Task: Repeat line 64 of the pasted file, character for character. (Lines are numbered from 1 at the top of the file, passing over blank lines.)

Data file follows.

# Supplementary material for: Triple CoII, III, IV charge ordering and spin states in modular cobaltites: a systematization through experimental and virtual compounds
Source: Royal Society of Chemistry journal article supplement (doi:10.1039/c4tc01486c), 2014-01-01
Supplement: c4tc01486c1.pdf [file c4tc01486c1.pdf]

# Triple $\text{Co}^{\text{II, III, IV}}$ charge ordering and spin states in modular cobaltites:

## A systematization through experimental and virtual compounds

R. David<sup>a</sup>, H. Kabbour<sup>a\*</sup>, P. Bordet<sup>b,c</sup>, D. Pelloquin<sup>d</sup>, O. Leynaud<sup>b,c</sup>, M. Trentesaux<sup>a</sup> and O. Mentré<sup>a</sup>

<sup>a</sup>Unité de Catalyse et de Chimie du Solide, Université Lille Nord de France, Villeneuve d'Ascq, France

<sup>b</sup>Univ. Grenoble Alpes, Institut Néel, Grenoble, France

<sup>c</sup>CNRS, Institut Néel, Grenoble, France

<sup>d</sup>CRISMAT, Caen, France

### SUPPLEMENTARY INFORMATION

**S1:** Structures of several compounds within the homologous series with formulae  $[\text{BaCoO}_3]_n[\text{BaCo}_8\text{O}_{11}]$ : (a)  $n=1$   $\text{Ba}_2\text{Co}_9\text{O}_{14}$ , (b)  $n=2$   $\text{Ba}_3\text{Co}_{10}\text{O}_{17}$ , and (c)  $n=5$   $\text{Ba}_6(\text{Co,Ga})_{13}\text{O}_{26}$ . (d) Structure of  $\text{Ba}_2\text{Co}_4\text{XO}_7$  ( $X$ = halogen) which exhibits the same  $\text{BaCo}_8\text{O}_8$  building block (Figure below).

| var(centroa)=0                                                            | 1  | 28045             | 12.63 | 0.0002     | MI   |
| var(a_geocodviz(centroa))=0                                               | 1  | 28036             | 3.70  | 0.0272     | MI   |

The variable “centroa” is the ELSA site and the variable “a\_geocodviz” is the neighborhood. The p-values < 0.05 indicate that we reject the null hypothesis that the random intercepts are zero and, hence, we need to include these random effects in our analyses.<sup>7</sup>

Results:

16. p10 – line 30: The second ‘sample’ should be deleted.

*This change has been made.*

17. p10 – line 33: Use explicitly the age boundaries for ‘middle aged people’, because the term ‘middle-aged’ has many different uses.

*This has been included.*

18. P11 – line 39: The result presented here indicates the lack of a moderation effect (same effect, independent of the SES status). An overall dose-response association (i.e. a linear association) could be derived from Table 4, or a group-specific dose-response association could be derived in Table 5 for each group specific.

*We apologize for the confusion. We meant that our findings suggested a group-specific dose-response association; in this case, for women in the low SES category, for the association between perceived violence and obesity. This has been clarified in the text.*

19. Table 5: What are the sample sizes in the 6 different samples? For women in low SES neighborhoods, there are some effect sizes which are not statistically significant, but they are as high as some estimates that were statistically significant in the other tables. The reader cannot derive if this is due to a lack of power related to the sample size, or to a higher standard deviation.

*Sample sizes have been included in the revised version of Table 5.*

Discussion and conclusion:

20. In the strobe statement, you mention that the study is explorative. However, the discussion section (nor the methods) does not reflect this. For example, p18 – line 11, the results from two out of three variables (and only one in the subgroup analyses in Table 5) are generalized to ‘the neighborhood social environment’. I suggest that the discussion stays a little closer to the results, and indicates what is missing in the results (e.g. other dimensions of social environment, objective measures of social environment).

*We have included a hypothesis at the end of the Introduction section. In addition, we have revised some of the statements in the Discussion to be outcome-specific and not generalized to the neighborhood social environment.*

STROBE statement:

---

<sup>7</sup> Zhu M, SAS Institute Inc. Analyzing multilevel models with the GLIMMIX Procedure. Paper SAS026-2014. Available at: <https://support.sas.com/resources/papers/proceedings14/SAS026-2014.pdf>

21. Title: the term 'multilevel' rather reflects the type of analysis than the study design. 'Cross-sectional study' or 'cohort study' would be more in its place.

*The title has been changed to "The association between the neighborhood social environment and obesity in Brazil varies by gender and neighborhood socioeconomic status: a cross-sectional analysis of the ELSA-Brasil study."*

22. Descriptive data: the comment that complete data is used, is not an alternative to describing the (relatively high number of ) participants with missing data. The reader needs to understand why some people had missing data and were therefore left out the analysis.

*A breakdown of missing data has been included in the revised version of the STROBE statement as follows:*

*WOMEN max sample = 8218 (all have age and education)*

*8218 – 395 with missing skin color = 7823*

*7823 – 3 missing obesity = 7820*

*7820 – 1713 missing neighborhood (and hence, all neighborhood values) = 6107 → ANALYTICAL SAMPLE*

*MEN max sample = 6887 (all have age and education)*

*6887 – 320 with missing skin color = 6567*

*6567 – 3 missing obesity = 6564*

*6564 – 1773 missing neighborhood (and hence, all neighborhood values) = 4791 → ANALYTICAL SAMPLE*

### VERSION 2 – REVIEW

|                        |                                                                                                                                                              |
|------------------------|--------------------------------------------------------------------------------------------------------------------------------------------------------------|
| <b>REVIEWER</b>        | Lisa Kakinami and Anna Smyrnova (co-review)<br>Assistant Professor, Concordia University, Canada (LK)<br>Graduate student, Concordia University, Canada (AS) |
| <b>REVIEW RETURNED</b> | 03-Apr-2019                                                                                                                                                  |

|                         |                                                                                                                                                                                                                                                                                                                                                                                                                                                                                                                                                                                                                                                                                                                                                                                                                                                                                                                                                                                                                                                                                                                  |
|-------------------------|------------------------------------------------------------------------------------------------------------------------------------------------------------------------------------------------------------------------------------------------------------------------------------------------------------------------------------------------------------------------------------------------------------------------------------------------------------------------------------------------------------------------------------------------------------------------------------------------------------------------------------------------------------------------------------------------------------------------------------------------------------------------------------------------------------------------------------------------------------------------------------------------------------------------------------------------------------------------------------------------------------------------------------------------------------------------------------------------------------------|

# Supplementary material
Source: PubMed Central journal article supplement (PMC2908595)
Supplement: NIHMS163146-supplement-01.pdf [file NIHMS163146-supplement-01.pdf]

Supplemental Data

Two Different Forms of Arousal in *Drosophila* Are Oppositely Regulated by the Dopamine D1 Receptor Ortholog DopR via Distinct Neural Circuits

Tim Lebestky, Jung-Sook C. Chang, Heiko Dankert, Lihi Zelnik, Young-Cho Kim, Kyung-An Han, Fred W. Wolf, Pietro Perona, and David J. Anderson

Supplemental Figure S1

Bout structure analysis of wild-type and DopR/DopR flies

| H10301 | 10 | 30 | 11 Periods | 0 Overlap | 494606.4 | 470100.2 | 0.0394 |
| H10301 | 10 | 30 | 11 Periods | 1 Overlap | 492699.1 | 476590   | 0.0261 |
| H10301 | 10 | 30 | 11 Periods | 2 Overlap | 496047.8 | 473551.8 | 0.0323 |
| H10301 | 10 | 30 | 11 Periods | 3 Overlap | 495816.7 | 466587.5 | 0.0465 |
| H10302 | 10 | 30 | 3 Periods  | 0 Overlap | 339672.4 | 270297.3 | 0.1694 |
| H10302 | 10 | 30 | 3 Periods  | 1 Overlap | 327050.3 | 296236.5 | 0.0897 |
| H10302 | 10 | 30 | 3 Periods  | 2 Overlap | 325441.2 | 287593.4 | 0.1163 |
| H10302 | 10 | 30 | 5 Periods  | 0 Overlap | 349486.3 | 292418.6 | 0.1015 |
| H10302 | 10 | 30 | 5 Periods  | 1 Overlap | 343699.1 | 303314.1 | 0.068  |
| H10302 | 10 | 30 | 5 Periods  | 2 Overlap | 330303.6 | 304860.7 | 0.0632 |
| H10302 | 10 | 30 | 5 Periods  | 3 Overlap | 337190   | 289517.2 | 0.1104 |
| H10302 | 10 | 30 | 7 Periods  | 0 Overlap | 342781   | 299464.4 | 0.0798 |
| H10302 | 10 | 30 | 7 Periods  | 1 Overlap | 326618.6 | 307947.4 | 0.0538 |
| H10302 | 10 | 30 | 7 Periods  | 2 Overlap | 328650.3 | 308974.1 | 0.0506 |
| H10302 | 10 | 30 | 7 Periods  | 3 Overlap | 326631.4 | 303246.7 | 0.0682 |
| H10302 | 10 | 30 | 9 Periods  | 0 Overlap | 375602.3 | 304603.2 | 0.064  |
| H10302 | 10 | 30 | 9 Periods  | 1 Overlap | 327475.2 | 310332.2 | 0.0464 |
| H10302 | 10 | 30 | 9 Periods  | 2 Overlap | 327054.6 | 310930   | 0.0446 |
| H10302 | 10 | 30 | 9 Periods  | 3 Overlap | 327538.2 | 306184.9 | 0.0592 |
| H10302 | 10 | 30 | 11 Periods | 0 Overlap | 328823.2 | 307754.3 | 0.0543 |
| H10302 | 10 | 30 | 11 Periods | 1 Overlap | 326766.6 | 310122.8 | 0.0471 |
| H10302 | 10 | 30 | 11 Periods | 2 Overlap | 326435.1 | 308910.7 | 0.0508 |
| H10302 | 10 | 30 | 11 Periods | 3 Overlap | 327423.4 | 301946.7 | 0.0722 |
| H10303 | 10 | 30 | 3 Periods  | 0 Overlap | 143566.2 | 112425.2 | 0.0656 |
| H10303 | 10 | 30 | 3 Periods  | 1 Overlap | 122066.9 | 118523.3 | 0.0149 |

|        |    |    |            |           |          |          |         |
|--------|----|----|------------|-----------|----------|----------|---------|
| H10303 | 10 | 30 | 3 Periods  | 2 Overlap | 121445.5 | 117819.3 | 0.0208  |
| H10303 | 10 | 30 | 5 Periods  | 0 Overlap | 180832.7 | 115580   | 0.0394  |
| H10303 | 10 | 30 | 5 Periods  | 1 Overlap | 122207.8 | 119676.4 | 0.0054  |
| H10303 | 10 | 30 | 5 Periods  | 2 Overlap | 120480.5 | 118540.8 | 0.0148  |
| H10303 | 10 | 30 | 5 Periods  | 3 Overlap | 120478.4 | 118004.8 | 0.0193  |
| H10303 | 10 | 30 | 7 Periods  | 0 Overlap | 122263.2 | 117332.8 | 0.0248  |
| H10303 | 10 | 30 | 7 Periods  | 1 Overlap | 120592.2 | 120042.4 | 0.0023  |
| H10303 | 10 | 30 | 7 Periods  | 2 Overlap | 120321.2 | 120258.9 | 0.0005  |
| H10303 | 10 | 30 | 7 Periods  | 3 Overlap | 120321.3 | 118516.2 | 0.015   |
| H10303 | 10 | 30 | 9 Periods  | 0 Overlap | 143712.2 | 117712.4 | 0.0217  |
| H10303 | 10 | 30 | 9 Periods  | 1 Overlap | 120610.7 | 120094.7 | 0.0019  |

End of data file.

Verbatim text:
| H10302 | 10 | 30 | 3 Periods  | 2 Overlap | 325441.2 | 287593.4 | 0.1163 |